bivouac (plural bivouacs)
- An encampment for the night, usually without tents or covering.
- Any temporary encampment.
- A temporary shelter constructed generally for a few nights.
- September 23, 2005, Boston Globe:
- The outing begins by Thursday noon, when the recreational vehicles start rumbling into town and their owners set up bivouacs.
- (dated) The watch of a whole army by night, when in danger of surprise or attack.
- (zoology) A structure formed by migratory ants out of their own bodies to protect the queen and larvae.
- To set up camp.
- We'll bivouac here tonight.
- 1951, C. S. Lewis, Prince Caspian: The Return to Narnia:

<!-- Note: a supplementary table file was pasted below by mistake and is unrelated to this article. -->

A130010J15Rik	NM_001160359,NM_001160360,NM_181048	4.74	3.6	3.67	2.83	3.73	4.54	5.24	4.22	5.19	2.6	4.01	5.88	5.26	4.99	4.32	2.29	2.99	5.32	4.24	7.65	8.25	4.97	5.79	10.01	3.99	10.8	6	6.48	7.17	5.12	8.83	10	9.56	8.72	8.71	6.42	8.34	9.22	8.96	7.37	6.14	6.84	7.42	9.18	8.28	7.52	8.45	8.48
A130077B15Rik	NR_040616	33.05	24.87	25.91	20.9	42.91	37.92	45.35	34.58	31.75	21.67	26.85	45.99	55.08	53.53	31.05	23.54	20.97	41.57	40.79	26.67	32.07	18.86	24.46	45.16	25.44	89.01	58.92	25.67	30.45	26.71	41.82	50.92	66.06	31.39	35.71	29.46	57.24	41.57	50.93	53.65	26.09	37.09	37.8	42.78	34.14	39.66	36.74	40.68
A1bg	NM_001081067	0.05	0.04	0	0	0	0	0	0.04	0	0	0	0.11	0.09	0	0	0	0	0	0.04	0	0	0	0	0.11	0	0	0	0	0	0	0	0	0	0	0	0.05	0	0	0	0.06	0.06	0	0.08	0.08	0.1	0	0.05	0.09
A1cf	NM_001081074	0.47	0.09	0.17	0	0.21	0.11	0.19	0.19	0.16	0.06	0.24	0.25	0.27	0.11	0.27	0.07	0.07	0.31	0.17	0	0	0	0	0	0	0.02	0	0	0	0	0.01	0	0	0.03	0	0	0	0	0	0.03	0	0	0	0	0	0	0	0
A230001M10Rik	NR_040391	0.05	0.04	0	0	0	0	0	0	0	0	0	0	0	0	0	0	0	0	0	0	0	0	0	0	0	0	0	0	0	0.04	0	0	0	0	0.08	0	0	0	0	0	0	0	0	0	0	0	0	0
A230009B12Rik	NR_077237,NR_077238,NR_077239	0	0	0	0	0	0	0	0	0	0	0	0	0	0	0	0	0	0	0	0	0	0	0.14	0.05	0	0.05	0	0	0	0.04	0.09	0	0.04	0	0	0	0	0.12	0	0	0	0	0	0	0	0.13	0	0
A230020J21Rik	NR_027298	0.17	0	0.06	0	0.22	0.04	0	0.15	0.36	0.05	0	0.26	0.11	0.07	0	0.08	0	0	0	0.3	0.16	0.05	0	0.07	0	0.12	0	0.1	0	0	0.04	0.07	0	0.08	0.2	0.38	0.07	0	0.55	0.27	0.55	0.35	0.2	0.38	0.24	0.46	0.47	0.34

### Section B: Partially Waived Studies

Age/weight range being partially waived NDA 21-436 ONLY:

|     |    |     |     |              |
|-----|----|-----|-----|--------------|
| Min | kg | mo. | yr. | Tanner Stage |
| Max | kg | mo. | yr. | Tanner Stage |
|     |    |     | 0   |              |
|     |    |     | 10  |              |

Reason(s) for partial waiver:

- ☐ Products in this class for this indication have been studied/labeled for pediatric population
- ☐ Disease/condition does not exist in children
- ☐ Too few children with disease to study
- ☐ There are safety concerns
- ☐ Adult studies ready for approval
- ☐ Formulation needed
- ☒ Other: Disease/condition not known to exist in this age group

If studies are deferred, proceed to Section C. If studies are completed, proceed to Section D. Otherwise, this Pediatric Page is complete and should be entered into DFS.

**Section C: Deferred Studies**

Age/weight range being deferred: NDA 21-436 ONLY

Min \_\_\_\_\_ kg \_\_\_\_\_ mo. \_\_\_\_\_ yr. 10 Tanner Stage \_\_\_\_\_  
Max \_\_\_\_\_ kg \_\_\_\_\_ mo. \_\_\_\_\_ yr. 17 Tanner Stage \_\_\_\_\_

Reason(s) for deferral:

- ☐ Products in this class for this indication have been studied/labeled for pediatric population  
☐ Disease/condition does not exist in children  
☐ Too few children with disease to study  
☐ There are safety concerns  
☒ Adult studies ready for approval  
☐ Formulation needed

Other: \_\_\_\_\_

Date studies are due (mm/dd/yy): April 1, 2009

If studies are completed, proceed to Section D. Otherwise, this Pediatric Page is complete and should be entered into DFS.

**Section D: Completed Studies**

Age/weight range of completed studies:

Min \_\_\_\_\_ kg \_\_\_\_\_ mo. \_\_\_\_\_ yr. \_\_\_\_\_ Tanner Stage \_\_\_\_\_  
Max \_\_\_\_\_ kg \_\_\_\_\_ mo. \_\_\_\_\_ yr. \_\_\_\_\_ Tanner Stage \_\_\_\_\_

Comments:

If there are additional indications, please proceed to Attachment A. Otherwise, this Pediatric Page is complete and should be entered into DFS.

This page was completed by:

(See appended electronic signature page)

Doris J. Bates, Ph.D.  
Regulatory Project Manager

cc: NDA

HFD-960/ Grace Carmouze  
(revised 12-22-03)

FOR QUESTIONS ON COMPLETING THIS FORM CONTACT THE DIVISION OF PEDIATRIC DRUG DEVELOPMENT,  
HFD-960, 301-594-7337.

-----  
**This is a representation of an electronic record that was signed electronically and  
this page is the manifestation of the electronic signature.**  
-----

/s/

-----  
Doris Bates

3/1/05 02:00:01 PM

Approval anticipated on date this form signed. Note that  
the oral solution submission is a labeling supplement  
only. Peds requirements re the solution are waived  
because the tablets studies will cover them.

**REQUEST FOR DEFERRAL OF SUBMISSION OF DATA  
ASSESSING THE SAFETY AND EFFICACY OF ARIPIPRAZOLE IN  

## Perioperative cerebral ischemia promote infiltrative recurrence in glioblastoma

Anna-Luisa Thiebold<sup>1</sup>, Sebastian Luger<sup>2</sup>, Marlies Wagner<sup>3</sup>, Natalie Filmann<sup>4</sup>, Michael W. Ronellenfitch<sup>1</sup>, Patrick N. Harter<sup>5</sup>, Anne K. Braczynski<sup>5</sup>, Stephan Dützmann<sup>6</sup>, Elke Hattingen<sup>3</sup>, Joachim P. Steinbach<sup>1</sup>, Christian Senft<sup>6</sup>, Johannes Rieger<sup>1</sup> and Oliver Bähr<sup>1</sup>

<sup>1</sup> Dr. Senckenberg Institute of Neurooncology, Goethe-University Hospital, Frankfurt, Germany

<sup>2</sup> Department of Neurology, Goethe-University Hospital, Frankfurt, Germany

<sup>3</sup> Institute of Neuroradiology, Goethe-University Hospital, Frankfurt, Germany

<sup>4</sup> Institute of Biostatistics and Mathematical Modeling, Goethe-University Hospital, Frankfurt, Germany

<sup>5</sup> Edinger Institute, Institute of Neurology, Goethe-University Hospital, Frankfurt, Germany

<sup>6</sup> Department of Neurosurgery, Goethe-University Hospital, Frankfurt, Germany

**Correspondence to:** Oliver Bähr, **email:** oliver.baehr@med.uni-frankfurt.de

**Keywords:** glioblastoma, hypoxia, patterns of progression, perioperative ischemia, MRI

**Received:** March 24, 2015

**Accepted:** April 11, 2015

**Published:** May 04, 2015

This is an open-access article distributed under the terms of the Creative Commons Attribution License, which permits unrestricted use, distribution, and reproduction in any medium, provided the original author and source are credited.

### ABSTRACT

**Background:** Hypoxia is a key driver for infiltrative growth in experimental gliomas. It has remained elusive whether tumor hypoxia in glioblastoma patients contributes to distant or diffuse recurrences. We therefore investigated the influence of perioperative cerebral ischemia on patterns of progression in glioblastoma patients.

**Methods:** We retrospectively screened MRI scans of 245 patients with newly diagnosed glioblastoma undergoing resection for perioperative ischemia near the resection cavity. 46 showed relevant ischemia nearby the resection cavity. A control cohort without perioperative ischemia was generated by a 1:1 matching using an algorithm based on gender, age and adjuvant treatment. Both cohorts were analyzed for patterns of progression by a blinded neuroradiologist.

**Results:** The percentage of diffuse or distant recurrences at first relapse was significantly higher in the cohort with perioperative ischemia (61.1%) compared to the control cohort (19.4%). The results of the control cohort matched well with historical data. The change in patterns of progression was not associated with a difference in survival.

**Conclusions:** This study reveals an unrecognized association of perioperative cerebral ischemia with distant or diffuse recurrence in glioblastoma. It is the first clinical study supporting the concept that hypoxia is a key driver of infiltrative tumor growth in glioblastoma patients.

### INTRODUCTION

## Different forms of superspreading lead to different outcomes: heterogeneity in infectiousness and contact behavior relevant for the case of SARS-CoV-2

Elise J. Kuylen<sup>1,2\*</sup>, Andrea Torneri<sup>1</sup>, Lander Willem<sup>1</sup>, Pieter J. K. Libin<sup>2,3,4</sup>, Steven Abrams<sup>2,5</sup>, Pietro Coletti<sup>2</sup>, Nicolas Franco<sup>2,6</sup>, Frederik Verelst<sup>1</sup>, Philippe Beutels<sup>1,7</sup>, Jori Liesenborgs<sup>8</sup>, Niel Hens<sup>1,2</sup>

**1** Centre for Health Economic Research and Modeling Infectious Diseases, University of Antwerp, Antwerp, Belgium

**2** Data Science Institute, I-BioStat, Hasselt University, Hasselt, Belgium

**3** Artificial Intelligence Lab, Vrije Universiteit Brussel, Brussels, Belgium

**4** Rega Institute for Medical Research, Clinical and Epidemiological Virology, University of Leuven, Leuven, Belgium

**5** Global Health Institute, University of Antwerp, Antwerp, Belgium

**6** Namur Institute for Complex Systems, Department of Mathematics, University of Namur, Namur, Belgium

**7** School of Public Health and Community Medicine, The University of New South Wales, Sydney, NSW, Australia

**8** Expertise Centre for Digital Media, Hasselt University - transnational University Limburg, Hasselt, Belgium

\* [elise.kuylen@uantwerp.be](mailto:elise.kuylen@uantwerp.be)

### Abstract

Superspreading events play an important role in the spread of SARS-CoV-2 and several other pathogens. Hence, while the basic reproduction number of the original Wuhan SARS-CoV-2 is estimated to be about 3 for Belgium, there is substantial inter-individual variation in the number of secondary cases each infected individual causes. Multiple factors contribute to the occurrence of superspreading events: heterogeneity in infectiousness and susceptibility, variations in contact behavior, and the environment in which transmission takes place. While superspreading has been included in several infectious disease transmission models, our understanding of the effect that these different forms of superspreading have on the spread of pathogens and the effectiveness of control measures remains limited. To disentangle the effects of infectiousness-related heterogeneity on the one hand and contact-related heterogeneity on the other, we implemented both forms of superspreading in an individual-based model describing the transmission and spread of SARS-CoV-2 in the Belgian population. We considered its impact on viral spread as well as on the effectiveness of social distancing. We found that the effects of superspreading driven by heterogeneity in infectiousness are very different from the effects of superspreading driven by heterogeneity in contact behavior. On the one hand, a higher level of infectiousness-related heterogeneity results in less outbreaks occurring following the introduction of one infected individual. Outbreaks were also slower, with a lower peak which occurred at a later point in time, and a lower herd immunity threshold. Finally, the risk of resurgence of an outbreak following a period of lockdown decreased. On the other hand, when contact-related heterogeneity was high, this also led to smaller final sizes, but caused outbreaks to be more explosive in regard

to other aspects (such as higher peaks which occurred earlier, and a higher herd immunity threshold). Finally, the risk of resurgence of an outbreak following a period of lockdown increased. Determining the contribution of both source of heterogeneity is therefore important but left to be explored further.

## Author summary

- They reached the fir wood which had caused them so much trouble while it was still daylight, and bivouacked in a hollow just above it. It was tedious gathering the fire wood; […]
- To watch at night or be on guard, as a whole army.
- To encamp for the night without tents or covering.
From earlier bivoie, biouac, bivac, from Alemannic German Biiwacht (“a patrol of citizens added - in time of alarm or commotion - to the regular town watch”), from bii- (“by-”) + Wacht (“watch, guard”).
bivouac m (plural bivouacs)
- bivouac (encampment for the night)
- → Bulgarian: бивак (bivak)
- → Czech: bivak
- → Danish: bivuak
- → Dutch: bivak
- → English: bivouac, bivouack; biouac, bivoac, bihovac; bivy, bivvy
- → German: Biwak
- → Galician: bivaque
- → Hungarian: bivak
- → Italian: bivacco
- → Japanese: ビバーク (bibāku)
- → Macedonian: бивак (bivak)
- → Polish: biwak
- → Portuguese: bivaque
- → Russian: бивак (bivak), бивуак (bivuak)
- → Slovak: bivak
- → Slovene: bivak
- → Spanish: vivac, vivaque
- → Swedish: bivack